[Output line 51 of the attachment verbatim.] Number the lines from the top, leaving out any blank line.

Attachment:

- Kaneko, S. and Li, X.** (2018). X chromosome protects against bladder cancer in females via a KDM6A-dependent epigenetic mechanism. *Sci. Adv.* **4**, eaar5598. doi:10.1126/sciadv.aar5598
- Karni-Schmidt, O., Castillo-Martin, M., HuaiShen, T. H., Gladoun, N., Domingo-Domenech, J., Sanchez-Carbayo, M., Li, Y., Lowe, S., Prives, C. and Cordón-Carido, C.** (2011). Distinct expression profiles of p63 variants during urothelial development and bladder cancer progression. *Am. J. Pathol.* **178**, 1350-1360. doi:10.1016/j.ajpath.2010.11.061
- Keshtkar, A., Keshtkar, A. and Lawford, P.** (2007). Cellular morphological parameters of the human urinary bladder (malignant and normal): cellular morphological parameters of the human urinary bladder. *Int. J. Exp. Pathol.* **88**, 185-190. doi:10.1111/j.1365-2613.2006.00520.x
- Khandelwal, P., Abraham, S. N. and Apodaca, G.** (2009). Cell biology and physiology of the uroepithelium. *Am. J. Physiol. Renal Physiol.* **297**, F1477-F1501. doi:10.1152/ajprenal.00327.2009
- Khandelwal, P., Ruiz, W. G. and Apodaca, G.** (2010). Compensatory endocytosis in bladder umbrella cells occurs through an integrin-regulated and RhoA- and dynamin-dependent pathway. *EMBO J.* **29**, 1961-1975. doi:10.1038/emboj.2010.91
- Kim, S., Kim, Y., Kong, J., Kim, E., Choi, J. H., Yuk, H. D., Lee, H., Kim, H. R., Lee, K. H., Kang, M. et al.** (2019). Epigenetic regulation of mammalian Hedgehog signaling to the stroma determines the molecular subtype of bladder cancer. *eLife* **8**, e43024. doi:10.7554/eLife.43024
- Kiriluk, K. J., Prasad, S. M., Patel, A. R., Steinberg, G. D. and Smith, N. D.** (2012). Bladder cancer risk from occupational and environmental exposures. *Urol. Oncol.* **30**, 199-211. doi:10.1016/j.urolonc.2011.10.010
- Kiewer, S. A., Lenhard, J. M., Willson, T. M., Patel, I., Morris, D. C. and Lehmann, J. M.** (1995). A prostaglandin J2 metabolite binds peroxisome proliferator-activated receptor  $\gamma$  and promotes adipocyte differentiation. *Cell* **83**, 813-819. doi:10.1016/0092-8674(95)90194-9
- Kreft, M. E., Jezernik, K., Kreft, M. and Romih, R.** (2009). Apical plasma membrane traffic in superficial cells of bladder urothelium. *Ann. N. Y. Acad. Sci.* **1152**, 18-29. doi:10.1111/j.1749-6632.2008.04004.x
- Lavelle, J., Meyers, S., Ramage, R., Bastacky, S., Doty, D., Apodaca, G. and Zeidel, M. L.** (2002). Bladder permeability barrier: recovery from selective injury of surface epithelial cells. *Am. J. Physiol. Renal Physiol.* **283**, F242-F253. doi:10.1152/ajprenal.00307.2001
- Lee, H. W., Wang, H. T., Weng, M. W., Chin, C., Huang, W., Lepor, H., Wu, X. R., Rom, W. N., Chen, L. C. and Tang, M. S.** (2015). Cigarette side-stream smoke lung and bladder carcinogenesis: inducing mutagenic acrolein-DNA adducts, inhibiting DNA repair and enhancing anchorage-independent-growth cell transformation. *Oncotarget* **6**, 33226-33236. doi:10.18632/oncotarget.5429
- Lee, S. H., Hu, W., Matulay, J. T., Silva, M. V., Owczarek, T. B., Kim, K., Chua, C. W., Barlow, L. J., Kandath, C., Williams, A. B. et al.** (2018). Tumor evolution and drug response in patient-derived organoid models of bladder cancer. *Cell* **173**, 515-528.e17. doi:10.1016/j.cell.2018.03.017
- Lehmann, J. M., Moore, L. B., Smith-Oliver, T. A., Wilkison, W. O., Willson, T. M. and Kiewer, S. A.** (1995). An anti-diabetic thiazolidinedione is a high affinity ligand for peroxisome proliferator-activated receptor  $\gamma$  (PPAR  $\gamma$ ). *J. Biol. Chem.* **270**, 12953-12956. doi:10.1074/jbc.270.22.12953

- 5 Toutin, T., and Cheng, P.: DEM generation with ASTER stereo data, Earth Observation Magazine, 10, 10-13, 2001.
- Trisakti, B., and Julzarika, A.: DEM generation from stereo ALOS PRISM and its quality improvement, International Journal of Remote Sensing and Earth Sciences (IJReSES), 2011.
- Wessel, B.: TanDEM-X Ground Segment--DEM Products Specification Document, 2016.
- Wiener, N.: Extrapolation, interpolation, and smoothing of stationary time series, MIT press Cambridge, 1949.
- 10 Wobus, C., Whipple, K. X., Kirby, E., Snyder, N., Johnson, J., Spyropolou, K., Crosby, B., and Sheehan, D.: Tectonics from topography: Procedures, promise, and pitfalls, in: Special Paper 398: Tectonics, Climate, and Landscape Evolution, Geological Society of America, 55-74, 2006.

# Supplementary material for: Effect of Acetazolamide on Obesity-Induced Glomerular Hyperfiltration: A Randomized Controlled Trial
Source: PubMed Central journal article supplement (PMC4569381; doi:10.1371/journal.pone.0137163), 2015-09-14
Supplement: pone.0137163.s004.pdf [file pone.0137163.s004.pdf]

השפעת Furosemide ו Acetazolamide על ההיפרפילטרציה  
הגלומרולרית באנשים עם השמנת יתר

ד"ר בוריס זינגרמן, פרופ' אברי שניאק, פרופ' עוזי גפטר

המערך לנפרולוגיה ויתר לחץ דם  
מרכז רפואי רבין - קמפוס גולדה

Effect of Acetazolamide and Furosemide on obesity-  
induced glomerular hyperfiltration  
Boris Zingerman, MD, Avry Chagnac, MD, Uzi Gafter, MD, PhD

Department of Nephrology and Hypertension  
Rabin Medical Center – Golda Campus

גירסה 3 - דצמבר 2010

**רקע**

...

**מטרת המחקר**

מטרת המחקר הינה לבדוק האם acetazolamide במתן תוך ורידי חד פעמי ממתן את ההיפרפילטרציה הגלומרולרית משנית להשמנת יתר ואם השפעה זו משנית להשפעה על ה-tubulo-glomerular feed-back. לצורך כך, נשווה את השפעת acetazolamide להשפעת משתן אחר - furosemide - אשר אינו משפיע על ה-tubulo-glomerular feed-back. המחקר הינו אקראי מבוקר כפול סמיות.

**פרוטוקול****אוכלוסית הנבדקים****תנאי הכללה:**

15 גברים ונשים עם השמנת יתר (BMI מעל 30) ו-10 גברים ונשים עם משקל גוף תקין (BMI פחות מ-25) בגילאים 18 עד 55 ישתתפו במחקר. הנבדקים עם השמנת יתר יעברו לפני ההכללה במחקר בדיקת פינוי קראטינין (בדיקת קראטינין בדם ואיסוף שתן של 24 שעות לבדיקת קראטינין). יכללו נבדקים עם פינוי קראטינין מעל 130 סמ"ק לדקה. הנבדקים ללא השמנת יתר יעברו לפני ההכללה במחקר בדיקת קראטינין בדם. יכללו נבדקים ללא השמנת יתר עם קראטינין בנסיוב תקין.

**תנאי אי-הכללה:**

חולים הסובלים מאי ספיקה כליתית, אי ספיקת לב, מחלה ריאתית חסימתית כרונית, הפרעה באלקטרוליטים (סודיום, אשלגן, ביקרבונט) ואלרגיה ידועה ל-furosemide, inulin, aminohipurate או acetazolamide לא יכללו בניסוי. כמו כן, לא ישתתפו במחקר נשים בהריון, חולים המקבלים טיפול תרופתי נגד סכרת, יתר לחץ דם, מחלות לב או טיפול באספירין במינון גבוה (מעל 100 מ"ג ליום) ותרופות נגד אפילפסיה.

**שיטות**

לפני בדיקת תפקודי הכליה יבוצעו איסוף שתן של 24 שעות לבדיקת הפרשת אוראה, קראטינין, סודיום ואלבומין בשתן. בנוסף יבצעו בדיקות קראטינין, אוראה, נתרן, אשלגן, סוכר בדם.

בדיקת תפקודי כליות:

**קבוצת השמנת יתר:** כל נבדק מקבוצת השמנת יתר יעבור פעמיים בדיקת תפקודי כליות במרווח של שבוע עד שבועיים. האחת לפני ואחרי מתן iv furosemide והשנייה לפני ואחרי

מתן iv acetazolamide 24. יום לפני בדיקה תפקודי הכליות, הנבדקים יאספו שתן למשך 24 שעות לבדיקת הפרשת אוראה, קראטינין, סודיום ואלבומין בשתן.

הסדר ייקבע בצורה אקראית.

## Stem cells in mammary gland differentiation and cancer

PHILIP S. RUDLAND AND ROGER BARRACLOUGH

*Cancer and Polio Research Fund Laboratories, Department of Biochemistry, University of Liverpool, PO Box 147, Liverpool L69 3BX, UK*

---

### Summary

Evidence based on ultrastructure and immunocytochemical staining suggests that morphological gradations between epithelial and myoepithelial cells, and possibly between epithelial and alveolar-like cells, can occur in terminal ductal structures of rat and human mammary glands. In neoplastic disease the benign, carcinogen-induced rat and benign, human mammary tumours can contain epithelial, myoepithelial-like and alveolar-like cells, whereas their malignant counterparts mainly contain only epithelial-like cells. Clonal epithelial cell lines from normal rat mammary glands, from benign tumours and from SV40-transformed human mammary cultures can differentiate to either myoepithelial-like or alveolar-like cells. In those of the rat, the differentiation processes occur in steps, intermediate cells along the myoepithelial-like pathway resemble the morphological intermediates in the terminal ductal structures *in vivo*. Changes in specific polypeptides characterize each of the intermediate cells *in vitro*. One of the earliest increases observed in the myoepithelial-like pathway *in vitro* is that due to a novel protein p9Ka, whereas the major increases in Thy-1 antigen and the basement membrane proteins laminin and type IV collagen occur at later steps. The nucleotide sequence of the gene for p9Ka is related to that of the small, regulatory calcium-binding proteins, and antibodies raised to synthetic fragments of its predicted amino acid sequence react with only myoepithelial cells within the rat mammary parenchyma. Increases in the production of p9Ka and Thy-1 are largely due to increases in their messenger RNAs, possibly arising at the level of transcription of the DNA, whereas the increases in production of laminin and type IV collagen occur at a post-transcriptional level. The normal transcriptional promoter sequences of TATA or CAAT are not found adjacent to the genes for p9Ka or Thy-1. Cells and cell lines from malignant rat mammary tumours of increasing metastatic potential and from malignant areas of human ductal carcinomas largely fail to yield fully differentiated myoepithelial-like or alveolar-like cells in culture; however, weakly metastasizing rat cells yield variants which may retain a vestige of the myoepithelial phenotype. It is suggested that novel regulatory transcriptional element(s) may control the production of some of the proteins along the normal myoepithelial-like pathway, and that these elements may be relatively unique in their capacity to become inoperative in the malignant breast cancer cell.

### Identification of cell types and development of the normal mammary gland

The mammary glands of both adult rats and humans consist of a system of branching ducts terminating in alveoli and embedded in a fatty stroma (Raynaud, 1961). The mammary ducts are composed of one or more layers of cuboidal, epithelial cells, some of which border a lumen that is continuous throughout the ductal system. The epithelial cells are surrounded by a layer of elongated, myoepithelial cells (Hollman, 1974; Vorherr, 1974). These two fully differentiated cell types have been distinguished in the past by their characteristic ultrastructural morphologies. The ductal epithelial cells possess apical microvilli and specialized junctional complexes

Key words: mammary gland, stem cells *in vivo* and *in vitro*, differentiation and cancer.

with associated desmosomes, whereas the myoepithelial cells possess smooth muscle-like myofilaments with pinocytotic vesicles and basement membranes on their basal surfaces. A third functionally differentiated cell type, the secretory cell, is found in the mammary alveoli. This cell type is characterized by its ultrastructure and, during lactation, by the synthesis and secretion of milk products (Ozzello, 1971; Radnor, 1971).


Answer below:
### Summary